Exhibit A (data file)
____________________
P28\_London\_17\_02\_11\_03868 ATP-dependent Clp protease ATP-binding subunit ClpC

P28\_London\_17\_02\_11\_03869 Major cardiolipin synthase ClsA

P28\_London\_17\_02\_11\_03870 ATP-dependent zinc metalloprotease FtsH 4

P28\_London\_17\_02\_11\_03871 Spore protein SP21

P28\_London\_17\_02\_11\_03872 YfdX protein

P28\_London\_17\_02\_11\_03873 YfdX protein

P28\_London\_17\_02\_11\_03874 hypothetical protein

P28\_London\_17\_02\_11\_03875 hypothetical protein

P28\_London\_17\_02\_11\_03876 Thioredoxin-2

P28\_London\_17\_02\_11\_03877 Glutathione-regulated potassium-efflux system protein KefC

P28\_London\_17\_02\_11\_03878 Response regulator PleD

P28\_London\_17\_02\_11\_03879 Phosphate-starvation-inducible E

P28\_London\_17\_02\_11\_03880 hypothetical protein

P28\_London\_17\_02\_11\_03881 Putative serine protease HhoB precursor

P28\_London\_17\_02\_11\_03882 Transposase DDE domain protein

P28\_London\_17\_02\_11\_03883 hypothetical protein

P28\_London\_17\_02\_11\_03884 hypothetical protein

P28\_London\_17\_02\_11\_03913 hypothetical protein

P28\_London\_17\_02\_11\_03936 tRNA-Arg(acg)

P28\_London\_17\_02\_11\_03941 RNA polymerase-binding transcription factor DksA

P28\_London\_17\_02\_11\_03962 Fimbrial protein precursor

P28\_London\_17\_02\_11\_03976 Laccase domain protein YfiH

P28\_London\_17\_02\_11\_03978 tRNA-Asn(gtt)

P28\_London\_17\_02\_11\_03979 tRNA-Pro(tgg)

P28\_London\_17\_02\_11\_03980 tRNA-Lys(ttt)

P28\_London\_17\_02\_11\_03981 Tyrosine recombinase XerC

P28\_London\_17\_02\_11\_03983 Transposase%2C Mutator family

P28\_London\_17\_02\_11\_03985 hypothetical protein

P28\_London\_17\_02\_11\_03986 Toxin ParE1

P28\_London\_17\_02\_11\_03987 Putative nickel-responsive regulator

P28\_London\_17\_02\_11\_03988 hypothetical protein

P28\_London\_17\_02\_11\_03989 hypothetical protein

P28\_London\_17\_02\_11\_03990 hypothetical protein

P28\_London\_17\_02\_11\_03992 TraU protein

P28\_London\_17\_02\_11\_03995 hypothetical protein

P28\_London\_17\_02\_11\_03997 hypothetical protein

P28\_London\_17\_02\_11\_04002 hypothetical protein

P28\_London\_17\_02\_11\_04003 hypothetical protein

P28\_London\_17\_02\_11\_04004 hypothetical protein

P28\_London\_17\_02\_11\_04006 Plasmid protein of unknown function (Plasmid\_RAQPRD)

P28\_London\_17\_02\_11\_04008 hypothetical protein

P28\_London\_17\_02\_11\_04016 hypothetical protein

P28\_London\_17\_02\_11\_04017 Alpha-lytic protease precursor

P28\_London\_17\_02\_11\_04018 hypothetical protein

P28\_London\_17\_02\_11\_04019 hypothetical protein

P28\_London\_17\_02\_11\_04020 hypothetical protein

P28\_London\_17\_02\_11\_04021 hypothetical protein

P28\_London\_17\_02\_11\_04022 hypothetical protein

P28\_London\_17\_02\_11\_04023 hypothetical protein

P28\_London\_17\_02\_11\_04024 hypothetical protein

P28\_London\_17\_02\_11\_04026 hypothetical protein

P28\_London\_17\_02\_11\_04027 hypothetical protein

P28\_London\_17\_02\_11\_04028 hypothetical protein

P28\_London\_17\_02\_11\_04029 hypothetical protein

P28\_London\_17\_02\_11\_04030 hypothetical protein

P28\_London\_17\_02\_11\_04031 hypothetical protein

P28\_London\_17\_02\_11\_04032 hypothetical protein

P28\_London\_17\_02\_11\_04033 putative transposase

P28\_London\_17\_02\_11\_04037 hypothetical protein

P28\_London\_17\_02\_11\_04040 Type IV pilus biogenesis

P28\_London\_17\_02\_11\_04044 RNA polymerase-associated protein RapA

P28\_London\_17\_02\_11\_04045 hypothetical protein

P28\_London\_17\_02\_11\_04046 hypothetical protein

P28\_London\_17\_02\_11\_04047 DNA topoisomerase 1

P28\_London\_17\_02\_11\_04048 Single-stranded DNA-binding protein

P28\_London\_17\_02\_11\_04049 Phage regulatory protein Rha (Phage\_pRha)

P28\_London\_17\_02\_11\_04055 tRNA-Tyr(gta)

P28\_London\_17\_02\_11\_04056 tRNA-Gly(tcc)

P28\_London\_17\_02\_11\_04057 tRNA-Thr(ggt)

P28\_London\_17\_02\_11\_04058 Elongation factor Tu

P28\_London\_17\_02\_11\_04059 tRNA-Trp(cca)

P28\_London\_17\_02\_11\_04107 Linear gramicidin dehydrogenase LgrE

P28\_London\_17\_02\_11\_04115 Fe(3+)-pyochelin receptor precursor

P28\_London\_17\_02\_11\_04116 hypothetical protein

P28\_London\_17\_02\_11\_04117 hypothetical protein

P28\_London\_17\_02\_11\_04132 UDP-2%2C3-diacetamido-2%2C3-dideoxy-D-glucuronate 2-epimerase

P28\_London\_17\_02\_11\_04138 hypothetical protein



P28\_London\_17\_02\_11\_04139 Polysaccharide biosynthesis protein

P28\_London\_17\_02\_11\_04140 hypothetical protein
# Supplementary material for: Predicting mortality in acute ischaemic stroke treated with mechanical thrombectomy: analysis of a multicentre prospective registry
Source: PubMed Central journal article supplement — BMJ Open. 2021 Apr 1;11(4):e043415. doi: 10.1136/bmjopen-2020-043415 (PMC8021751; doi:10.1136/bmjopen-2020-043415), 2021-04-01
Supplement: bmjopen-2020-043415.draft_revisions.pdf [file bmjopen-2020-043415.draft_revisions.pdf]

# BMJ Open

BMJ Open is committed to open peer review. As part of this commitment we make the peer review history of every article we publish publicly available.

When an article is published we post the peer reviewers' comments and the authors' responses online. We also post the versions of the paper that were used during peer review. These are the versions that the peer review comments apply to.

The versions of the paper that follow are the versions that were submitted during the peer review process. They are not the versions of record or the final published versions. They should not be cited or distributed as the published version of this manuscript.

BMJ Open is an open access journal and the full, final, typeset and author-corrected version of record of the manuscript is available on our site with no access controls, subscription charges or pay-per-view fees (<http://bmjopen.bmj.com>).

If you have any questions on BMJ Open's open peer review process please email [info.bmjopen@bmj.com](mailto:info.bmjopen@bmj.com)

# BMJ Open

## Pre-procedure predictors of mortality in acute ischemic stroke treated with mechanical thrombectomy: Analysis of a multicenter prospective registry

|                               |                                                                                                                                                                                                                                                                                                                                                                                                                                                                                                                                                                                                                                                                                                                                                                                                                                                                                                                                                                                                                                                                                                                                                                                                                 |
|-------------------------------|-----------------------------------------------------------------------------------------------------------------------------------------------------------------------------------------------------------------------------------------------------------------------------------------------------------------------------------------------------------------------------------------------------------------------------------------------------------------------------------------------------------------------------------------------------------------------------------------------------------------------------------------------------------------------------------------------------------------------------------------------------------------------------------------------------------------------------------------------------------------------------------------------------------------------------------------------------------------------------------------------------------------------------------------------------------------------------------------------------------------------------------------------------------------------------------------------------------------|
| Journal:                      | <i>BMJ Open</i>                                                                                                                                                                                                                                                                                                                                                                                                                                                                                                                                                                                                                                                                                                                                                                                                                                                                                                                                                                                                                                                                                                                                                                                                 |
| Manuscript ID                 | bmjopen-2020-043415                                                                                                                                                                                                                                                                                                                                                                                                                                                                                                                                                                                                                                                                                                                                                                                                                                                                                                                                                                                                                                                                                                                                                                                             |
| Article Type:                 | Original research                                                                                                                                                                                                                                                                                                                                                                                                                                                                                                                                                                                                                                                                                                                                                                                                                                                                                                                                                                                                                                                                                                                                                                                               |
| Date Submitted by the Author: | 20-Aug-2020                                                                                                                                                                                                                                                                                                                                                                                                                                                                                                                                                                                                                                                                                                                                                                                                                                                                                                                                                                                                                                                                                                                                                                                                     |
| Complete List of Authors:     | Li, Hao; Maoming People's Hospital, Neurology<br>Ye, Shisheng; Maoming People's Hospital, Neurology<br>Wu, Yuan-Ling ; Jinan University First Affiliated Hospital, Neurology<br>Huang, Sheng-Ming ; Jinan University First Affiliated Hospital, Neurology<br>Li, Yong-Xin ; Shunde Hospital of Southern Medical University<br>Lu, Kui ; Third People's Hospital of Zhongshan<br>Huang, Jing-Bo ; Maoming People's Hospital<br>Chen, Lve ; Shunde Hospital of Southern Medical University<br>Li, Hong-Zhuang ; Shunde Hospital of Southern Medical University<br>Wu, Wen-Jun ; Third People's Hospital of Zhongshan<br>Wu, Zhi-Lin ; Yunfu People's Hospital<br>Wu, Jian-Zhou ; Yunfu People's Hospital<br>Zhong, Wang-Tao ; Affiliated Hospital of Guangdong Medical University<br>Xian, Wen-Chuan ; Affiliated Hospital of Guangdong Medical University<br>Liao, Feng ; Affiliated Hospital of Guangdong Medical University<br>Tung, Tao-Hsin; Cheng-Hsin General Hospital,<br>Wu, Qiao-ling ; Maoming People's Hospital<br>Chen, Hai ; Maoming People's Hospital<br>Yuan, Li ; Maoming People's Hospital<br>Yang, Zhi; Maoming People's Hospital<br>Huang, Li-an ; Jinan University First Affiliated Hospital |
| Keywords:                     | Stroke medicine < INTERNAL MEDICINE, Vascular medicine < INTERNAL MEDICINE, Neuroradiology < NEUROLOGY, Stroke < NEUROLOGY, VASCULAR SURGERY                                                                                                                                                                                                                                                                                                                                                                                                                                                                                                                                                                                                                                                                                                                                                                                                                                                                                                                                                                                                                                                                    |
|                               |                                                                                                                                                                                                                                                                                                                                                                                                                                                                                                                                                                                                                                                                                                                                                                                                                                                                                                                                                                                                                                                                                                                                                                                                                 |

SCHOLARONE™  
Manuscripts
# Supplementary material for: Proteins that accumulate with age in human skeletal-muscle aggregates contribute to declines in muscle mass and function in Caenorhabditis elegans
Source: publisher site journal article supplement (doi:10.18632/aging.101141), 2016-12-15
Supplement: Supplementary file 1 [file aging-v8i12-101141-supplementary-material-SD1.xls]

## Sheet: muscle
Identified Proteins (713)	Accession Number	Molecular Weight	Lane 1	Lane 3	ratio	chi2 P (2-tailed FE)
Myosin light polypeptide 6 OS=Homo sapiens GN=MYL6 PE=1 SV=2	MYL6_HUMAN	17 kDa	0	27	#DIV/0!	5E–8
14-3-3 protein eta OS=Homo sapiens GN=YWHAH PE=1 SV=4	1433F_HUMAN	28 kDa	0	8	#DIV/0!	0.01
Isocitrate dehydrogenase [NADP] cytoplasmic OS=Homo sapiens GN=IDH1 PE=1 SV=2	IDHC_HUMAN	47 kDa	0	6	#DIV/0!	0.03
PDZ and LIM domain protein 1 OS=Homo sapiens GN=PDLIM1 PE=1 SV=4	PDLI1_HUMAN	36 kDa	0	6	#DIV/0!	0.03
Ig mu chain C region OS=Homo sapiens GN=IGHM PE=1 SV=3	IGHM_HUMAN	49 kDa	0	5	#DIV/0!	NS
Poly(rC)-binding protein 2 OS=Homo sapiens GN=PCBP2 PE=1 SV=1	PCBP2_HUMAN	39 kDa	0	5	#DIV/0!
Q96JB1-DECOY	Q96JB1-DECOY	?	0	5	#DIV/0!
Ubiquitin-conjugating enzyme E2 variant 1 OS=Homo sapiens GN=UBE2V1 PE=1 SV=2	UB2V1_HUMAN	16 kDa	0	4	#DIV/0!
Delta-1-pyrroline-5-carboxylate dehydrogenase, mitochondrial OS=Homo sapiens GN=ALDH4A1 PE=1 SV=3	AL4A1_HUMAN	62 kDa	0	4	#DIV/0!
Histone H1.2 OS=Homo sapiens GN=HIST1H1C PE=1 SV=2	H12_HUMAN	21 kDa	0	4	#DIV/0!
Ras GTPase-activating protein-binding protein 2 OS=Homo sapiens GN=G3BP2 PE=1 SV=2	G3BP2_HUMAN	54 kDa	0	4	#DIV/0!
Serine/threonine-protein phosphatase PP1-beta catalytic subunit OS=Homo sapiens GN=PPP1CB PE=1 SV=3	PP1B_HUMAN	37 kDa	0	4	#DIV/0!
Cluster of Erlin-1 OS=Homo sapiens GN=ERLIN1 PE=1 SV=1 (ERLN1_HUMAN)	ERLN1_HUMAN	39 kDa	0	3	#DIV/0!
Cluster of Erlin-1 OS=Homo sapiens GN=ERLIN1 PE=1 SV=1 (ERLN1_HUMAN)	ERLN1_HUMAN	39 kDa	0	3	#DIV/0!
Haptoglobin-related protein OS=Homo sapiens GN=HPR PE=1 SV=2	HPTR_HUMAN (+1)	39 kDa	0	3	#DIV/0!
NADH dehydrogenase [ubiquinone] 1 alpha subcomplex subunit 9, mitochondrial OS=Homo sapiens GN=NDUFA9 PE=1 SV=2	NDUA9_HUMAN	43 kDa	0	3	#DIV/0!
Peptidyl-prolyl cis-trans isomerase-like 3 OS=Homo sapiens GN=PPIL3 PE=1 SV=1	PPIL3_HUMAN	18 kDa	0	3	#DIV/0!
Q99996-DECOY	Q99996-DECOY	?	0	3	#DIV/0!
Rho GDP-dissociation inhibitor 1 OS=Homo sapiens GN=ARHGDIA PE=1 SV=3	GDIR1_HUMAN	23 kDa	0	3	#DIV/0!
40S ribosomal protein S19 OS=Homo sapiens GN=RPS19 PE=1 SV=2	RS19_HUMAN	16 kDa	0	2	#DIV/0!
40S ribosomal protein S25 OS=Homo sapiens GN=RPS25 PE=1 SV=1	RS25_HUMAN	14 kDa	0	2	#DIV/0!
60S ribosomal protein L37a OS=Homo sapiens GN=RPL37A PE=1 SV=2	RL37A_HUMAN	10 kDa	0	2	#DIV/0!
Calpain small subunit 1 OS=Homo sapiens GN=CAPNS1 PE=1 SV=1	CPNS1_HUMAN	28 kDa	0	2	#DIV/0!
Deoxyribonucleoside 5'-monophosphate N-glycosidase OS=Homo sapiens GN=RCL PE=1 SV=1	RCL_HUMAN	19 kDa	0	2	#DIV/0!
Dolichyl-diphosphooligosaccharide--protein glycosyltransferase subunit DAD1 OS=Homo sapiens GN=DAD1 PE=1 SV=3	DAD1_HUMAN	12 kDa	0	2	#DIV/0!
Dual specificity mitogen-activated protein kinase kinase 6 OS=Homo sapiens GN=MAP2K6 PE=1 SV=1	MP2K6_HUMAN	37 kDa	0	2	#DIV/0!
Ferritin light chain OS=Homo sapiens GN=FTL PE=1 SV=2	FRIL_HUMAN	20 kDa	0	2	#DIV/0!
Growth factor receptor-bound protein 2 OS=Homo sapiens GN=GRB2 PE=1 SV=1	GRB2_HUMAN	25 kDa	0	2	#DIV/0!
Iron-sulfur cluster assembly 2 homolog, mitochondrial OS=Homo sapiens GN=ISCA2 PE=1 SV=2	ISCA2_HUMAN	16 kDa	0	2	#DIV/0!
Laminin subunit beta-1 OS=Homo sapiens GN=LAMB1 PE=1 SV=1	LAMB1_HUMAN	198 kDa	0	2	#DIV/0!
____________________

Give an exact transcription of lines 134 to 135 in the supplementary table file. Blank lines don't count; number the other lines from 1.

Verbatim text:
Growth factor receptor-bound protein 2 OS=Homo sapiens GN=GRB2 PE=1 SV=1	GRB2_HUMAN	25 kDa	0	2	#DIV/0!
Iron-sulfur cluster assembly 2 homolog, mitochondrial OS=Homo sapiens GN=ISCA2 PE=1 SV=2	ISCA2_HUMAN	16 kDa	0	2	#DIV/0!